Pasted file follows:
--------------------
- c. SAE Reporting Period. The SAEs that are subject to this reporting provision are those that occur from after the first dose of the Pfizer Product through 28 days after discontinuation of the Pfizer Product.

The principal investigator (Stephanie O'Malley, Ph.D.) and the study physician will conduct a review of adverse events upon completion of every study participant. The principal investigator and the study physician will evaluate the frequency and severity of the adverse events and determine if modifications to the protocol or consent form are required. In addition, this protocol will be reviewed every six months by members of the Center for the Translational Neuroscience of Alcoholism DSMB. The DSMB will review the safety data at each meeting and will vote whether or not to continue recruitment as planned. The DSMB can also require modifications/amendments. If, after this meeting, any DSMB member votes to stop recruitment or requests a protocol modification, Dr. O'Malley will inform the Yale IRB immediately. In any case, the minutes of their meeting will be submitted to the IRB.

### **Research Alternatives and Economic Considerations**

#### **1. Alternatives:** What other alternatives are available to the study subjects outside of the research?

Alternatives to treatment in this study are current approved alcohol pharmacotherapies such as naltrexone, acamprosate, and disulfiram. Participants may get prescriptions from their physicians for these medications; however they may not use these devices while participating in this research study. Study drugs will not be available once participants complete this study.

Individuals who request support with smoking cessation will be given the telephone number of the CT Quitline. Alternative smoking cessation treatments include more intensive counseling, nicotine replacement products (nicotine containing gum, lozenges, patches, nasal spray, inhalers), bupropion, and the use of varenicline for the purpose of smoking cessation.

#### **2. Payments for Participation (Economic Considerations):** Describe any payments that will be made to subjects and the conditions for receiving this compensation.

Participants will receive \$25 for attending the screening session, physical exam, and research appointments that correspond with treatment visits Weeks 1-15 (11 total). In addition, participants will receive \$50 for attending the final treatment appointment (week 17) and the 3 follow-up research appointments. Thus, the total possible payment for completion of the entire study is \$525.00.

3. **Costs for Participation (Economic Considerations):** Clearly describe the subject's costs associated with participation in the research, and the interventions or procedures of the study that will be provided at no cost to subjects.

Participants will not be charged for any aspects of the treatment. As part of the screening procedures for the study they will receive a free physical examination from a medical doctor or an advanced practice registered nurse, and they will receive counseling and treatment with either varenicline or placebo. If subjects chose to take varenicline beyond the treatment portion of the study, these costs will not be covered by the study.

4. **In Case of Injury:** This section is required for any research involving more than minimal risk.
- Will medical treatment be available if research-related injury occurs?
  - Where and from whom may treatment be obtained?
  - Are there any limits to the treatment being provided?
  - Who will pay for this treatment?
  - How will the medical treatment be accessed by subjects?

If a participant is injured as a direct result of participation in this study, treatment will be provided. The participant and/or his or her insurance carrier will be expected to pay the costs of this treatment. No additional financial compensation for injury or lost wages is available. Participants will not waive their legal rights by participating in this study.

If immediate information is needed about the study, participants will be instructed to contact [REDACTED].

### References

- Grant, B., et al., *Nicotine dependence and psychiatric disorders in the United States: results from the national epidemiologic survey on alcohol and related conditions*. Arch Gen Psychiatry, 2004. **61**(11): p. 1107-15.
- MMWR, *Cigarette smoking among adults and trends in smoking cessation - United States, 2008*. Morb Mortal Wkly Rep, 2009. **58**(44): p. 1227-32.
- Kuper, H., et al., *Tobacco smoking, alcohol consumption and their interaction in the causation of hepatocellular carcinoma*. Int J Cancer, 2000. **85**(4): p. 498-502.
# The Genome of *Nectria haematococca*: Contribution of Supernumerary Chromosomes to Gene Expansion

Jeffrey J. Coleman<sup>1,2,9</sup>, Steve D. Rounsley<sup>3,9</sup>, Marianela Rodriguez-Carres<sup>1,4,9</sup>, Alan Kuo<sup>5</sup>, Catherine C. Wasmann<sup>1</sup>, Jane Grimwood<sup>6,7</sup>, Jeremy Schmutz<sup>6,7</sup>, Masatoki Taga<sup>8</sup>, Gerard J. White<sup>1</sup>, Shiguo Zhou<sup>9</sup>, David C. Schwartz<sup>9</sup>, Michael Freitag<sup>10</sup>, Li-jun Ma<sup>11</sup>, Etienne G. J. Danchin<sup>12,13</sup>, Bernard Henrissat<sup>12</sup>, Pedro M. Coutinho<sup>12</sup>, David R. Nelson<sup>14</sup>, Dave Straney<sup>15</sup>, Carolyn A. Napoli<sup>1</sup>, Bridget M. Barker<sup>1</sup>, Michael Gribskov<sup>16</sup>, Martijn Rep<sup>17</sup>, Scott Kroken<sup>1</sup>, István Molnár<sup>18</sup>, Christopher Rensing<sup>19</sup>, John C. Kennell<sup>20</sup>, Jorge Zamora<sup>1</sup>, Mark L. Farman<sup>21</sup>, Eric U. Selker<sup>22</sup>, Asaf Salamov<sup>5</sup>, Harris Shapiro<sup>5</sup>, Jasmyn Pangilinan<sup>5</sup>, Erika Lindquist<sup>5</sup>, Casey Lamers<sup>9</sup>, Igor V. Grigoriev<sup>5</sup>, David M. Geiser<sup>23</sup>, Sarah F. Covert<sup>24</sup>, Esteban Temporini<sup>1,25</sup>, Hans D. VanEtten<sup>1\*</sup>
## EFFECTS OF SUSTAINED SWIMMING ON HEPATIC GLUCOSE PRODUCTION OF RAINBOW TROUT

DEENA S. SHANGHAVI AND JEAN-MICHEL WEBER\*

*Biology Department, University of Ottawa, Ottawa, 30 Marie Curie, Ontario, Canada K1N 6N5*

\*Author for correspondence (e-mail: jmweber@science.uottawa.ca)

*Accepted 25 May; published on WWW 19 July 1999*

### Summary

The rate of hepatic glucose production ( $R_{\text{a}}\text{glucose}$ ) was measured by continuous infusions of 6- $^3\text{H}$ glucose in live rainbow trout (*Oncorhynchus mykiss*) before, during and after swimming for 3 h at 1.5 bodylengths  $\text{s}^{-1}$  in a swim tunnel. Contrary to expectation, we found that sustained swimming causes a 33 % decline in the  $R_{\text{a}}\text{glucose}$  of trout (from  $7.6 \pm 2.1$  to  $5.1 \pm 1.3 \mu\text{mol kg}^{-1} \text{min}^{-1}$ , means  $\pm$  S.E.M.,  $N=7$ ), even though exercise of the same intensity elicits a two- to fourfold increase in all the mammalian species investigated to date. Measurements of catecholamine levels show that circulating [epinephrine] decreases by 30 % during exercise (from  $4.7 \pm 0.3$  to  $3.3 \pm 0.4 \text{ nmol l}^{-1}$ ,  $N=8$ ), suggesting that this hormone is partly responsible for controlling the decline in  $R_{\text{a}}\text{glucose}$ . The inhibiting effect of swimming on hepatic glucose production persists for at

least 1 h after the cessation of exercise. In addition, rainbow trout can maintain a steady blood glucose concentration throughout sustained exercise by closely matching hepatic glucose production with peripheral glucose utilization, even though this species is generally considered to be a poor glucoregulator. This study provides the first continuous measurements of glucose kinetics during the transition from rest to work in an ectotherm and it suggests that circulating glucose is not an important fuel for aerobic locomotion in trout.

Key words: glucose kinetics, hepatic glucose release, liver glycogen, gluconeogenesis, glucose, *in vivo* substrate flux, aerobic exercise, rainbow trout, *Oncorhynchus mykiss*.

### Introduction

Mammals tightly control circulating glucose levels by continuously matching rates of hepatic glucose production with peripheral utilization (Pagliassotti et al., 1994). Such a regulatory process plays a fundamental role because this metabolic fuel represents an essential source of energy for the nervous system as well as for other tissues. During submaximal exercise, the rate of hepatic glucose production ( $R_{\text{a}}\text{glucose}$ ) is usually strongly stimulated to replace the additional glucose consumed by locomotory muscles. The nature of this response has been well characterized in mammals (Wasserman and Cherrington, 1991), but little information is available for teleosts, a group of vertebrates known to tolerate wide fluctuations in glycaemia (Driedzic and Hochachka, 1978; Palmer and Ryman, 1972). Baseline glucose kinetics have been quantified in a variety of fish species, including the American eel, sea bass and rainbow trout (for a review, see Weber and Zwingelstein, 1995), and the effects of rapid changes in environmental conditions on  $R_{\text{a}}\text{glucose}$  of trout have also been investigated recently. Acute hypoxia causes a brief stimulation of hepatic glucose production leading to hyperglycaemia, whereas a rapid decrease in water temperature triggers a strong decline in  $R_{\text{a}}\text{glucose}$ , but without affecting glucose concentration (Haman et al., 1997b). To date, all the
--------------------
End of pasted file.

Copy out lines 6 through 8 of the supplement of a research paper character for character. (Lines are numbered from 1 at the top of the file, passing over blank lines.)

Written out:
Individuals who request support with smoking cessation will be given the telephone number of the CT Quitline. Alternative smoking cessation treatments include more intensive counseling, nicotine replacement products (nicotine containing gum, lozenges, patches, nasal spray, inhalers), bupropion, and the use of varenicline for the purpose of smoking cessation.

#### **2. Payments for Participation (Economic Considerations):** Describe any payments that will be made to subjects and the conditions for receiving this compensation.

Participants will receive \$25 for attending the screening session, physical exam, and research appointments that correspond with treatment visits Weeks 1-15 (11 total). In addition, participants will receive \$50 for attending the final treatment appointment (week 17) and the 3 follow-up research appointments. Thus, the total possible payment for completion of the entire study is \$525.00.